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Softball vs Baseball
AP Photo/Elaine Thompson, Julie Jacobson, File

Growing up, you probably played either softball or baseball in your town’s youth leagues. Heck, even as adults you’ve likely played in a local baseball league or slow-pitch, bar league softball tournament at some point. According to Statista, around 30 million Americans play at least one game of either softball or baseball every single year. Both sports don’t take the physical toll on our bodies like football or basketball can, which makes them more popular amongst all ages from any other team sport.

Both games may look similar at first glance, but they couldn’t be more different. Sure, the basic concept is the same — hit a ball and score more runs than the other team — but each sport offers its own set of challenges. Everybody loves a good debate, but the feud between fast-pitch softball supporters and baseball die-hards is one that never seems to be answered. I’m going to take you through each facet of these wildly popular games and determine, once and for all, which sport is really harder to play: softball or baseball?

Origins of Baseball

If you’ve heard the name Abner Doubleday floating around, you might remember that he’s often credited with inventing baseball in Cooperstown, New York back in 1839. It turns out, that’s not entirely true, but the Cooperstown businessmen heralded the story as a fact when establishing the National Baseball Hall of Fame.

As History.com tells us, the real story is much simpler:

“References to games resembling baseball in the United States date back to the 18th century. Its most direct ancestors appear to be two English games: rounders (a children’s game brought to New England by the earliest colonists) and cricket.

“In September 1845, a group of New York City men founded the New York Knickerbocker Baseball Club. One of them—volunteer firefighter and bank clerk Alexander Joy Cartwright—would codify a new set of rules that would form the basis for modern baseball, calling for a diamond-shaped infield, foul lines and the three-strike rule.”

Baseball is widely known as America’s Pastime even though it’s played all over the world and has been for over 100 years. Only recently have rule changes begun to modernize the game, but baseball still remains one of our country’s most popular sports to play.

Origins of Softball

Origins of Softball
AP Photo

Many people believe softball is a direct descendent of baseball. In fact, it was actually a college football game that first created softball. On Thanksgiving Day 1887, several people awaited the outcome of the Yale versus Harvard football game at Chicago’s Farragut Boat Club. After Yale was announced the winner, the celebration that ensued inadvertently created a brand new sport.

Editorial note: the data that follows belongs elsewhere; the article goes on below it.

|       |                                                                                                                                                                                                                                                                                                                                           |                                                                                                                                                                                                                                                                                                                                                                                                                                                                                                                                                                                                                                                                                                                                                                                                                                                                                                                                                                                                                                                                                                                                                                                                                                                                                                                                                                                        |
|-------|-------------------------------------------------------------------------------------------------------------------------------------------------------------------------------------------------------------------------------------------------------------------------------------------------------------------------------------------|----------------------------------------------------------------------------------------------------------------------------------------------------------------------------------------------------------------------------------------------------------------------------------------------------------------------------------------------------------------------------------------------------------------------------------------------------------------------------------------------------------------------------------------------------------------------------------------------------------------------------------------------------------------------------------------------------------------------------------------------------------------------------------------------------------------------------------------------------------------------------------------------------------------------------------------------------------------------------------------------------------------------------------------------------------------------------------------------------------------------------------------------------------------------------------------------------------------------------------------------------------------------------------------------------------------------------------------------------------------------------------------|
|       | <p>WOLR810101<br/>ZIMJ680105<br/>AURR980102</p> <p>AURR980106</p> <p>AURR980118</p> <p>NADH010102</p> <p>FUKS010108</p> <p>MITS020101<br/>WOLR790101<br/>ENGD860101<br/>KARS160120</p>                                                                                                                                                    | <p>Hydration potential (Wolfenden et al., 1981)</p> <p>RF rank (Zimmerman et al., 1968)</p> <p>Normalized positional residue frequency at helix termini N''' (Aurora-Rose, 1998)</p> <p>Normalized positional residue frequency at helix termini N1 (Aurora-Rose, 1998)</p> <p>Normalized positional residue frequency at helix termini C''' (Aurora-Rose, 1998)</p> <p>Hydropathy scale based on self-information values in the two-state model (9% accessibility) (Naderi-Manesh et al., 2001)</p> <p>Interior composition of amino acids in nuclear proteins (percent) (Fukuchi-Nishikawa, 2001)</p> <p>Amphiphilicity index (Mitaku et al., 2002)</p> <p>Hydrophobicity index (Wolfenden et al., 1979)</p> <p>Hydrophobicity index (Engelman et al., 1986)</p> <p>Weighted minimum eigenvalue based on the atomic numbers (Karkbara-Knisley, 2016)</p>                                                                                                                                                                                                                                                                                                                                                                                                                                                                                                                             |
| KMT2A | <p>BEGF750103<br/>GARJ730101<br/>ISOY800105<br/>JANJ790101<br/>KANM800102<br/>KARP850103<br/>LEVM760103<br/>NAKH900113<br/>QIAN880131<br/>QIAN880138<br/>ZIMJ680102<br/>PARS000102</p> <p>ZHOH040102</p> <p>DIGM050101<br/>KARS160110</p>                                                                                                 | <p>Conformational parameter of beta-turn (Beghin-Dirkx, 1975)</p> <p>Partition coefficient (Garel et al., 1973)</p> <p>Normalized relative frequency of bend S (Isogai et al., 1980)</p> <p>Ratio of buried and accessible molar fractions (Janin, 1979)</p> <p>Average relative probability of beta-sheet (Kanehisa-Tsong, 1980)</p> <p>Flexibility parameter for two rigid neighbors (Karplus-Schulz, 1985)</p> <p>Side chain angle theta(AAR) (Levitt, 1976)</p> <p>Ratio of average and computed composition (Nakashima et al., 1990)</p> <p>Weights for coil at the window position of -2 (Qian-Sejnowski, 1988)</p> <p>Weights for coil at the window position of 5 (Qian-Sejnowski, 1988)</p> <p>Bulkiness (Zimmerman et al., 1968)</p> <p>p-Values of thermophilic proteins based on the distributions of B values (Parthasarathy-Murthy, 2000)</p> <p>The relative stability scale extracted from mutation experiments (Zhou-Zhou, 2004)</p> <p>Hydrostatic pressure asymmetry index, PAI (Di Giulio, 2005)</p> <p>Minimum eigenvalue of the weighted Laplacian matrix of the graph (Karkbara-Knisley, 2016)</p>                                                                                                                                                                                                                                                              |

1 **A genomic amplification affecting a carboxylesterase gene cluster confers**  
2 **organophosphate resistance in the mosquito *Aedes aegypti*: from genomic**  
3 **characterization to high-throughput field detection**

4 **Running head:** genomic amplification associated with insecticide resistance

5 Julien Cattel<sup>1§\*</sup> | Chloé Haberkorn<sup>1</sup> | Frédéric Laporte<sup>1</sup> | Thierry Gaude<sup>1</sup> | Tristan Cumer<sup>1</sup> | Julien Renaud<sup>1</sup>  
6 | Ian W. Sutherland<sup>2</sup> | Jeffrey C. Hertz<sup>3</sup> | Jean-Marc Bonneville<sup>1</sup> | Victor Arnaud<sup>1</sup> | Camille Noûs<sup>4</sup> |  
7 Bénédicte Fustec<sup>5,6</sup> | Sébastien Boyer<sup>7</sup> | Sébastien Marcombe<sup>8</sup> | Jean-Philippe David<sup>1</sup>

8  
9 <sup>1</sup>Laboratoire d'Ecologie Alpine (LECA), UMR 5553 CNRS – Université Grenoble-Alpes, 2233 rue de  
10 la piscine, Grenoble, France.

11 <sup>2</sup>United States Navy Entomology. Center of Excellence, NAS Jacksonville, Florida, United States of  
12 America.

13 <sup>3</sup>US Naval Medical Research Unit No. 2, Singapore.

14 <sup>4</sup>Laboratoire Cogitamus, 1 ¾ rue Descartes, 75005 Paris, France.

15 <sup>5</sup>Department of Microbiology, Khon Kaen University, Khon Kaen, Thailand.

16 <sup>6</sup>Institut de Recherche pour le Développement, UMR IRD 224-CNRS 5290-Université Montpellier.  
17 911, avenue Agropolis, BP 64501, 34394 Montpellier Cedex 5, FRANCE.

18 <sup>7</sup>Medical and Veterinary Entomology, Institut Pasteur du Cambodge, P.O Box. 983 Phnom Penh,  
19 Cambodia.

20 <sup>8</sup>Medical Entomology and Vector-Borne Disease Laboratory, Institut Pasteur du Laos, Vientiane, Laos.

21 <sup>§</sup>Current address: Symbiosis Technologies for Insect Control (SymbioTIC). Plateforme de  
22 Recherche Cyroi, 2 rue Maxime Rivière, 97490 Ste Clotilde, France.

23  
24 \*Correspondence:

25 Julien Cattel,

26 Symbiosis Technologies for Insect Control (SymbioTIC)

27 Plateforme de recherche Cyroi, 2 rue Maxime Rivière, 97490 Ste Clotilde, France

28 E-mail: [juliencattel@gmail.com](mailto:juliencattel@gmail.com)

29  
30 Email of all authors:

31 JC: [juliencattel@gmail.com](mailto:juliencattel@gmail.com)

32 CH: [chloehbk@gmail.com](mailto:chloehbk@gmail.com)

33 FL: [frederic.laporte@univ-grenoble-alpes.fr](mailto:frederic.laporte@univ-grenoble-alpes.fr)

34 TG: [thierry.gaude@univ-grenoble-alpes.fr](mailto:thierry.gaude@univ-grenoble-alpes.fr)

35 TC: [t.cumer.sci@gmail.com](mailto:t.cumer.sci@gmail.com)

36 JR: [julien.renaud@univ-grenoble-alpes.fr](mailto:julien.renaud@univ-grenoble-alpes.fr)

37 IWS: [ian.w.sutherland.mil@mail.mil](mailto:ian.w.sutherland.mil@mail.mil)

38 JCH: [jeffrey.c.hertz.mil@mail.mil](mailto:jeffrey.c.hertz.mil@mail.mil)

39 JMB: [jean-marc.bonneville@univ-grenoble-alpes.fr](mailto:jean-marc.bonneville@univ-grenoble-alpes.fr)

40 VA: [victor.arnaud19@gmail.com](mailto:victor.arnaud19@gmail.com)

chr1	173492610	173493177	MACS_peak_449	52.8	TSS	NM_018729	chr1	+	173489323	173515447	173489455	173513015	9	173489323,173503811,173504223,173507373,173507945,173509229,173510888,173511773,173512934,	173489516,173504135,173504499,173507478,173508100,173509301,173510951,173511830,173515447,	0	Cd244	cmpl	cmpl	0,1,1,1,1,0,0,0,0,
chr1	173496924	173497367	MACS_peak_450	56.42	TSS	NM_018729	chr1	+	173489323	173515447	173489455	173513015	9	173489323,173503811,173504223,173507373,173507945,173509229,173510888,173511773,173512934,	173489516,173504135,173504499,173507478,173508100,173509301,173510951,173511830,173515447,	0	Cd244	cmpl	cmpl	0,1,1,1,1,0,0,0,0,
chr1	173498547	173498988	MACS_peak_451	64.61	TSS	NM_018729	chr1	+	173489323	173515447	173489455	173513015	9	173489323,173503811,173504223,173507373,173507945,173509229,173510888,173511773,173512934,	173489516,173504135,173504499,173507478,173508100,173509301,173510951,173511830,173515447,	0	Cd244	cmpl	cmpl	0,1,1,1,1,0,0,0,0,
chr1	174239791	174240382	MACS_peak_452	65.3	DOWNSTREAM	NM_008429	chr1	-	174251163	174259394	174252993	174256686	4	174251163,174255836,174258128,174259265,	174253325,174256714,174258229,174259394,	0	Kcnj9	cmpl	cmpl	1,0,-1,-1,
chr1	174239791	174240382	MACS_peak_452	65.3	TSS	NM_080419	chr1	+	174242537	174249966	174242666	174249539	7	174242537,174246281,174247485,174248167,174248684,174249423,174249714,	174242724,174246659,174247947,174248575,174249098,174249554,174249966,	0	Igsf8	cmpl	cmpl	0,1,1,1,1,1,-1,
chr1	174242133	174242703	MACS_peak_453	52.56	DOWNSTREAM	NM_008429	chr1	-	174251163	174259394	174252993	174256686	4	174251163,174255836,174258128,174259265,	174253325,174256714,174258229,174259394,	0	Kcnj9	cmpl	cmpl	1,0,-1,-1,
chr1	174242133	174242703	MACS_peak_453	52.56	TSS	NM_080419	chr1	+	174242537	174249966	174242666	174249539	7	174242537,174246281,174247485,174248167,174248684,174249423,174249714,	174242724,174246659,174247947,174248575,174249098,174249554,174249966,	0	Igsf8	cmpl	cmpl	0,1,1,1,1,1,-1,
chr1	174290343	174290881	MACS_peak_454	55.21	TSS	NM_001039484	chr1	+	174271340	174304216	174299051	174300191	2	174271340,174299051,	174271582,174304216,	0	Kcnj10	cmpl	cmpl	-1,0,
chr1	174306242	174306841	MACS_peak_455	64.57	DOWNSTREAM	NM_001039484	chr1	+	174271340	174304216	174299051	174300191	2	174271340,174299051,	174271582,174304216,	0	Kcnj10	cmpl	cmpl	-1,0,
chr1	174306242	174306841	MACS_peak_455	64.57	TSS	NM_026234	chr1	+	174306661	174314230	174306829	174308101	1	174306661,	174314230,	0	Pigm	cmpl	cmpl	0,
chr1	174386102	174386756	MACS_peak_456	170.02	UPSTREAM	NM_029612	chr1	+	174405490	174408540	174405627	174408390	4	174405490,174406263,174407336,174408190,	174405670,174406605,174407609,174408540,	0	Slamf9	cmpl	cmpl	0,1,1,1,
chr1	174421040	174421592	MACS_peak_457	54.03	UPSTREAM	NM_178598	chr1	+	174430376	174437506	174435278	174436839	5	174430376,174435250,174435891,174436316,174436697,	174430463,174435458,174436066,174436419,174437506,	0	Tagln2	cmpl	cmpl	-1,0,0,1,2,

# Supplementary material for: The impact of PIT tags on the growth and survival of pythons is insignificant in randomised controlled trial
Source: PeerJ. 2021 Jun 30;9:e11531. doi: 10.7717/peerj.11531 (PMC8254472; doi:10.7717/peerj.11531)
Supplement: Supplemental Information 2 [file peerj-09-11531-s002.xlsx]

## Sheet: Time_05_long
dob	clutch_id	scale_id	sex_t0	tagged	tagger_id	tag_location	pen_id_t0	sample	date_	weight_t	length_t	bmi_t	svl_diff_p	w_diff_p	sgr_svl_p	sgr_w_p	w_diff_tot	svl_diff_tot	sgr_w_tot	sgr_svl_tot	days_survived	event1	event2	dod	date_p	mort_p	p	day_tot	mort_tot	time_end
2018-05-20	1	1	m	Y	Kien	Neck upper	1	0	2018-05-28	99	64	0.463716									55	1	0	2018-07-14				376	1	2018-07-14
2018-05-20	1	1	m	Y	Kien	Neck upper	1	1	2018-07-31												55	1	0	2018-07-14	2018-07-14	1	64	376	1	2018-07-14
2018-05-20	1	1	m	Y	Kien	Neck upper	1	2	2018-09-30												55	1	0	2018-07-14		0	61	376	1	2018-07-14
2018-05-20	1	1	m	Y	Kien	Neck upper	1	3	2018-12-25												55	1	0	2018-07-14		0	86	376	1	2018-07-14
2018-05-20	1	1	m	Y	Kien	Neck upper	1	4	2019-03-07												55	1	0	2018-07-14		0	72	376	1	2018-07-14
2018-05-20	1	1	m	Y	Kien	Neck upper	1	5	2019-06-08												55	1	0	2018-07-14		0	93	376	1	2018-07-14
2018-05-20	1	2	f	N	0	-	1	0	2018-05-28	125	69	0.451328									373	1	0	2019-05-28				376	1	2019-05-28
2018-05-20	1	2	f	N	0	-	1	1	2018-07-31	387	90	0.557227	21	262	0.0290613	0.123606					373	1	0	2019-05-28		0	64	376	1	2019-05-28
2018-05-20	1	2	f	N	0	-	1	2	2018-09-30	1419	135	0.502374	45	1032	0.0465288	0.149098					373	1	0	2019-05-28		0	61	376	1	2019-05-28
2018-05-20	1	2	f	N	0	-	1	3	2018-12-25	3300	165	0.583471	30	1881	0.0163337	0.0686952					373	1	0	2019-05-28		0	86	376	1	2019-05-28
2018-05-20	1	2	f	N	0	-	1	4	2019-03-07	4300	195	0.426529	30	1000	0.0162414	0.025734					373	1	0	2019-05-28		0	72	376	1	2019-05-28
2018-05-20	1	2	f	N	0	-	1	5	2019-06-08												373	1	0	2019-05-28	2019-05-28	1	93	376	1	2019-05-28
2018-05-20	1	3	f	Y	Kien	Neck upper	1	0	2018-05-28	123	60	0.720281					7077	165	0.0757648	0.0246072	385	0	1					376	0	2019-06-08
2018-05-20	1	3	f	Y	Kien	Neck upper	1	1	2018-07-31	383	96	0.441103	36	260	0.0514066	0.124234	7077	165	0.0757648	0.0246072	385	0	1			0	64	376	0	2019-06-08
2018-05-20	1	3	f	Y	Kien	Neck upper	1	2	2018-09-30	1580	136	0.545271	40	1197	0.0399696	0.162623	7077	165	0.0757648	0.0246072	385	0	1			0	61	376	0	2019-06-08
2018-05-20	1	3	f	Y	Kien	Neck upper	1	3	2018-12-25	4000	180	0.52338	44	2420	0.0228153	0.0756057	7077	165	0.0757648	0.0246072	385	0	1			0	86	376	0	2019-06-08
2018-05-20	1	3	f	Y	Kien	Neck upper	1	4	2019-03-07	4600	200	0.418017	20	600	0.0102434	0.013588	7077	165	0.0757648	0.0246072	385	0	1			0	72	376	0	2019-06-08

The World Baseball Softball Confederation explains:

“During the merriment, a reporter from the Chicago Board of Trade, George Hancock, tied up a boxing glove (with its own strings) into a sphere, took a broomstick handle, and, using chalk, marked lines on the floor. That night a game took place with 80 runs scored, and from there the sport had been born. The first rulebook is said to have been issued (by Hancock) in 1889.”

Although originally played indoors, softball moved outside and evolved into a huge amateur sport played by American servicemen during World War II. In 1952, the International Softball Federation became the sport’s governing body and still is today. In 1991, women’s fast-pitch softball was added to the 1996 Olympic Games, which is considered its crowning moment as the game finally arrived on the international stage.

Pitching

Softball vs Baseball

The most obvious difference is the opening delivery of both sports — Baseball pitchers throw overhand and softball pitchers throw underhand. Both deliveries offer advantages and disadvantages, but the most notable are the wide range of pitches thrown in baseball compared to softball.

In softball, there are five main pitches: fastball, changeup, drop ball, curveball and rise ball. Most pitchers can throw the first two, but the last three are much harder to master.

When it comes to baseball pitches, the story is much different.

— Four-Seam Fastball
— Two-Seam Fastball
— Changeup
— Cutter
— Curveball
— 12-6 curveball
— Eephus (check this thing out)
— Forkball
— Gyroball
— Knuckleball
— Knuckle Curve
— Palmball
— Screwball
— Sinker
— Slider
— Slurve
— Splitter

When it comes to variety, baseball easily wins this category. A smaller ball and various arm angles on a baseball pitcher’s delivery add so many possibilities to what a batter might see. But even though there are a lot of different pitches, that doesn’t mean a fastball in baseball is necessarily harder to hit than a fastball in softball.

Don’t worry, I’ll touch on that comparison later.

Field Dimensions

Baseball field dimensions
Credit: MLB.com

It doesn’t take long to realize that, while they look similar, softball and baseball fields are dramatically different.

Major League Baseball fields differ along the outfield fence depending on the design of each ballpark, but everything inside the lines remain the same. A baseball pitchers mound is raised 10 inches in the air and is 60 feet, 6 inches away from home plate. The distance from home to first base is 90 feet and is the same at each stop around a baseball diamond.